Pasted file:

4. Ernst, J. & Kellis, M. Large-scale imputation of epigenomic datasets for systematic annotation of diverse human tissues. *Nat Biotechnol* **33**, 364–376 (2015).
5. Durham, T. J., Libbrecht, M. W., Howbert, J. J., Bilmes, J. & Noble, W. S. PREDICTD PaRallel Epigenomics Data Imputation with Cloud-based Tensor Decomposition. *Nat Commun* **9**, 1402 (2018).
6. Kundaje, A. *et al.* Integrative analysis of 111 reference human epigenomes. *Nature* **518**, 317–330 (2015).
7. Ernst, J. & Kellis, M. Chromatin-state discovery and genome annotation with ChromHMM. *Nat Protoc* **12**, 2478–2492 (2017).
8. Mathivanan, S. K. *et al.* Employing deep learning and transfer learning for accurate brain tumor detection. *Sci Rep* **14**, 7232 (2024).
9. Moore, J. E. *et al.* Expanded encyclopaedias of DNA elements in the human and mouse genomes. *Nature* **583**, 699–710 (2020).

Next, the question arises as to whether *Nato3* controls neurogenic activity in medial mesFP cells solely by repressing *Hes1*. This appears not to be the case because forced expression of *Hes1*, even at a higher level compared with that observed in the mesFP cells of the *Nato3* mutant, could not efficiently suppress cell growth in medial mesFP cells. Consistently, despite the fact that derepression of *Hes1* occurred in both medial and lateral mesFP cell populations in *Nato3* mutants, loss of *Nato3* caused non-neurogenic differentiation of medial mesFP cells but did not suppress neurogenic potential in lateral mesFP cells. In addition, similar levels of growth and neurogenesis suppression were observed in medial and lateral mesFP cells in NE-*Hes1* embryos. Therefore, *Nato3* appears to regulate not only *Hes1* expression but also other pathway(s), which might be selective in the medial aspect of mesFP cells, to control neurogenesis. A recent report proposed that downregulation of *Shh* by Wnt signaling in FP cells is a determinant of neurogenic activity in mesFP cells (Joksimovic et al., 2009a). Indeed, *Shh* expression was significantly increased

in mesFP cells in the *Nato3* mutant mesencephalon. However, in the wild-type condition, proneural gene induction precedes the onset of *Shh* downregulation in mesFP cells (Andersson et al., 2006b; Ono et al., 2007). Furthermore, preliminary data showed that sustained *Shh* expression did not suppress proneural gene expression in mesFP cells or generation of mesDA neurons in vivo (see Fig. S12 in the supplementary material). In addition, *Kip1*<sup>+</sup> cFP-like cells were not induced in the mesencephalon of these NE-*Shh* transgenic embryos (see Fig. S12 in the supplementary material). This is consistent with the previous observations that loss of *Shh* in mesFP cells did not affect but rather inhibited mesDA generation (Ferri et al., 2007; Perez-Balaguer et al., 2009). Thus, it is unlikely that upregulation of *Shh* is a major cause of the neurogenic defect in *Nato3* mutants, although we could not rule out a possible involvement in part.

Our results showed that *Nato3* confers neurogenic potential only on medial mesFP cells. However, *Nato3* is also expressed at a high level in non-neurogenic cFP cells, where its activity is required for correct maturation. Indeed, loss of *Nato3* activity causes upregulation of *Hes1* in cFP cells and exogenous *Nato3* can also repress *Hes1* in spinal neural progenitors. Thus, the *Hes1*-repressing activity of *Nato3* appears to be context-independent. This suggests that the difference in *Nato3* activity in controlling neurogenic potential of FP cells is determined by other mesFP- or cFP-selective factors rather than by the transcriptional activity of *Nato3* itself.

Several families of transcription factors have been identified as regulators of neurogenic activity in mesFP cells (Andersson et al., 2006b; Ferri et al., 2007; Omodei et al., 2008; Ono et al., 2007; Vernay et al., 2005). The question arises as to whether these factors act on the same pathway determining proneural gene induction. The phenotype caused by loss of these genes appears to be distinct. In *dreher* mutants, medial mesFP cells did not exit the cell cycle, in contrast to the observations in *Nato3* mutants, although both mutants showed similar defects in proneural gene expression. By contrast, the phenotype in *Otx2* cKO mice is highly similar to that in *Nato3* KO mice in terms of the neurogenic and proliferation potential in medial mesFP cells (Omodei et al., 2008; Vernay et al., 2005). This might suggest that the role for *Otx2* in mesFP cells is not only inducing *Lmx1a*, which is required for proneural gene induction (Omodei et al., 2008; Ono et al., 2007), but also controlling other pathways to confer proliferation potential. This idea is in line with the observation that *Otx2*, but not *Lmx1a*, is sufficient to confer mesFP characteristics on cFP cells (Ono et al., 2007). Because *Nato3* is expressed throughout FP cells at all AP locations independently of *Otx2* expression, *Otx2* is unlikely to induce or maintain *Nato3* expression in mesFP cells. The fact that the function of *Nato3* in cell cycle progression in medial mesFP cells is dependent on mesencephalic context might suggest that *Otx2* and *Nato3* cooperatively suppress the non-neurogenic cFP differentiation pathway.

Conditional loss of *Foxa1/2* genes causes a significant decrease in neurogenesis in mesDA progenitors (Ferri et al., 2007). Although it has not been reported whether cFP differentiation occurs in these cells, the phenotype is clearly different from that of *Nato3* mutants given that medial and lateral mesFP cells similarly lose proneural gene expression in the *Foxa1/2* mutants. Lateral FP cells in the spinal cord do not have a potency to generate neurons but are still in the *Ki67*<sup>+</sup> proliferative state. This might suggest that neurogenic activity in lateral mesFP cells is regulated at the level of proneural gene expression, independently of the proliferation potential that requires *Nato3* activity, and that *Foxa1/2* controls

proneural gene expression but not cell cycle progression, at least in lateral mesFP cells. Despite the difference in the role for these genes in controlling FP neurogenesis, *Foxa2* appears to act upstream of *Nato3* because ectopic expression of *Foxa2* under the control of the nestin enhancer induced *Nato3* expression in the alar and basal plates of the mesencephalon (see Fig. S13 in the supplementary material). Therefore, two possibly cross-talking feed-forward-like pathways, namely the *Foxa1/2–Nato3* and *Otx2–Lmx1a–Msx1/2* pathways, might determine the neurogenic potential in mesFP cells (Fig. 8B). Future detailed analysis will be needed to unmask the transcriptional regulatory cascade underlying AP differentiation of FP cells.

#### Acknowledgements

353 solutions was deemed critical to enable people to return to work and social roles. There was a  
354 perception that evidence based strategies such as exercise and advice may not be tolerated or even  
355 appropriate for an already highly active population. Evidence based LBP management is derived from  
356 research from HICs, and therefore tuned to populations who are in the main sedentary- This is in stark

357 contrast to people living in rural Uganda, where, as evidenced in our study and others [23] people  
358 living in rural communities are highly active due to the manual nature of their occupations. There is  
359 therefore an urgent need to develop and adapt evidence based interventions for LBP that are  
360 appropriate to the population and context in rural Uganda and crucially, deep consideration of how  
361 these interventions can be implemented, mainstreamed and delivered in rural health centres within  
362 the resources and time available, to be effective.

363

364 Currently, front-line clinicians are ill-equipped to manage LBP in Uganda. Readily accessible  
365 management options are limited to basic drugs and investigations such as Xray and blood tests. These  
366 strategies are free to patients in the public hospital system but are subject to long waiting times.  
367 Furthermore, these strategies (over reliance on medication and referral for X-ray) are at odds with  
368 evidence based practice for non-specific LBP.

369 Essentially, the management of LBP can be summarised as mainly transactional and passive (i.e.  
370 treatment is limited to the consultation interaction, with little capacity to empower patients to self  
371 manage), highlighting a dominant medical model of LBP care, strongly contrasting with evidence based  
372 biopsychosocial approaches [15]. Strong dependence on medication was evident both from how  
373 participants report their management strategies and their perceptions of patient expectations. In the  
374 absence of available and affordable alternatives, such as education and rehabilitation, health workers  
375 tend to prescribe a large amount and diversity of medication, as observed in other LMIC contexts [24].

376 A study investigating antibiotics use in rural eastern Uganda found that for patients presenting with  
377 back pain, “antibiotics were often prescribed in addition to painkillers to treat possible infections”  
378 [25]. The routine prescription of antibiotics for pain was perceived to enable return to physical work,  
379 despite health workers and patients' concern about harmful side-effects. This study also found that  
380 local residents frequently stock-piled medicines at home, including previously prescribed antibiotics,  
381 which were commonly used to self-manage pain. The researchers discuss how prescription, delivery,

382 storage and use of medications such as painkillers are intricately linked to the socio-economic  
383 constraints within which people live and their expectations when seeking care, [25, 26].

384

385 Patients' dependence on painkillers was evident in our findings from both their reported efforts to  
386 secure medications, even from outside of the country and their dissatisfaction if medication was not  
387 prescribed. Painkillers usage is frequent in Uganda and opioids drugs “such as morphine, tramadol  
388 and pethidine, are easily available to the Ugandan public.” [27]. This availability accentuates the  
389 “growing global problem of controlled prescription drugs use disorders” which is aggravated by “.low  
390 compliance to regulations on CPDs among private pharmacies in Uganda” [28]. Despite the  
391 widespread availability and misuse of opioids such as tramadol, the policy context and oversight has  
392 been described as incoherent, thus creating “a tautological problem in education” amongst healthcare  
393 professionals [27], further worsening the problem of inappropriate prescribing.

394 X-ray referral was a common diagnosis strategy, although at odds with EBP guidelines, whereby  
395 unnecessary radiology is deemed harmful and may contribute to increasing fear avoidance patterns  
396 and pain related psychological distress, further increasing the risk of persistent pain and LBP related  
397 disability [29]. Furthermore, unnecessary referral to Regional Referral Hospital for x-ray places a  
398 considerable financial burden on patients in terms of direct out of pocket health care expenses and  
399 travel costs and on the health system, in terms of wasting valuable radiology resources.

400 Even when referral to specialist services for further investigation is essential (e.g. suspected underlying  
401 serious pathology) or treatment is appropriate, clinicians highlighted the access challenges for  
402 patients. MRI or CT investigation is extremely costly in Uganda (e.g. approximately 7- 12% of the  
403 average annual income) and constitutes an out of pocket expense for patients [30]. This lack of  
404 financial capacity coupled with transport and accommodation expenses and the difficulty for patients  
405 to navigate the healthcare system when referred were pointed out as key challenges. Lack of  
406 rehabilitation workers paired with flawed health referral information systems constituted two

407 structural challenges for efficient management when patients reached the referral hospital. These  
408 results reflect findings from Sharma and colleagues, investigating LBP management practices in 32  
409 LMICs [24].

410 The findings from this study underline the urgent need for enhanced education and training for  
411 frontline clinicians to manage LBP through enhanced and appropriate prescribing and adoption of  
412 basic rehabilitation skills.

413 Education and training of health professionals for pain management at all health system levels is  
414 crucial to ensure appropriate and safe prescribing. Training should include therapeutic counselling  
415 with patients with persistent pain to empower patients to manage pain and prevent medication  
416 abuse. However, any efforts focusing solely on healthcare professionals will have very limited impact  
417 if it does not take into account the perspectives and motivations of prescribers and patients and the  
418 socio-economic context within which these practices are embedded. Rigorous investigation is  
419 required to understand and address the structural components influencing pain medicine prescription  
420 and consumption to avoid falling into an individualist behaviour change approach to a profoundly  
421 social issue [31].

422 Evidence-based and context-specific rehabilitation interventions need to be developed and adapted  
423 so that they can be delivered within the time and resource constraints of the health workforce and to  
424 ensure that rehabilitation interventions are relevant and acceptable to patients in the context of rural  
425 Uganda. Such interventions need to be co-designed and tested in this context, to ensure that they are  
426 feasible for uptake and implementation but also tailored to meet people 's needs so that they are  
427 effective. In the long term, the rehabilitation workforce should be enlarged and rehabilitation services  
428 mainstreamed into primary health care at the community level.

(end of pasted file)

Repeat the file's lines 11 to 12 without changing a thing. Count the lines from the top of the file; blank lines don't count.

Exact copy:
Conditional loss of *Foxa1/2* genes causes a significant decrease in neurogenesis in mesDA progenitors (Ferri et al., 2007). Although it has not been reported whether cFP differentiation occurs in these cells, the phenotype is clearly different from that of *Nato3* mutants given that medial and lateral mesFP cells similarly lose proneural gene expression in the *Foxa1/2* mutants. Lateral FP cells in the spinal cord do not have a potency to generate neurons but are still in the *Ki67*<sup>+</sup> proliferative state. This might suggest that neurogenic activity in lateral mesFP cells is regulated at the level of proneural gene expression, independently of the proliferation potential that requires *Nato3* activity, and that *Foxa1/2* controls

proneural gene expression but not cell cycle progression, at least in lateral mesFP cells. Despite the difference in the role for these genes in controlling FP neurogenesis, *Foxa2* appears to act upstream of *Nato3* because ectopic expression of *Foxa2* under the control of the nestin enhancer induced *Nato3* expression in the alar and basal plates of the mesencephalon (see Fig. S13 in the supplementary material). Therefore, two possibly cross-talking feed-forward-like pathways, namely the *Foxa1/2–Nato3* and *Otx2–Lmx1a–Msx1/2* pathways, might determine the neurogenic potential in mesFP cells (Fig. 8B). Future detailed analysis will be needed to unmask the transcriptional regulatory cascade underlying AP differentiation of FP cells.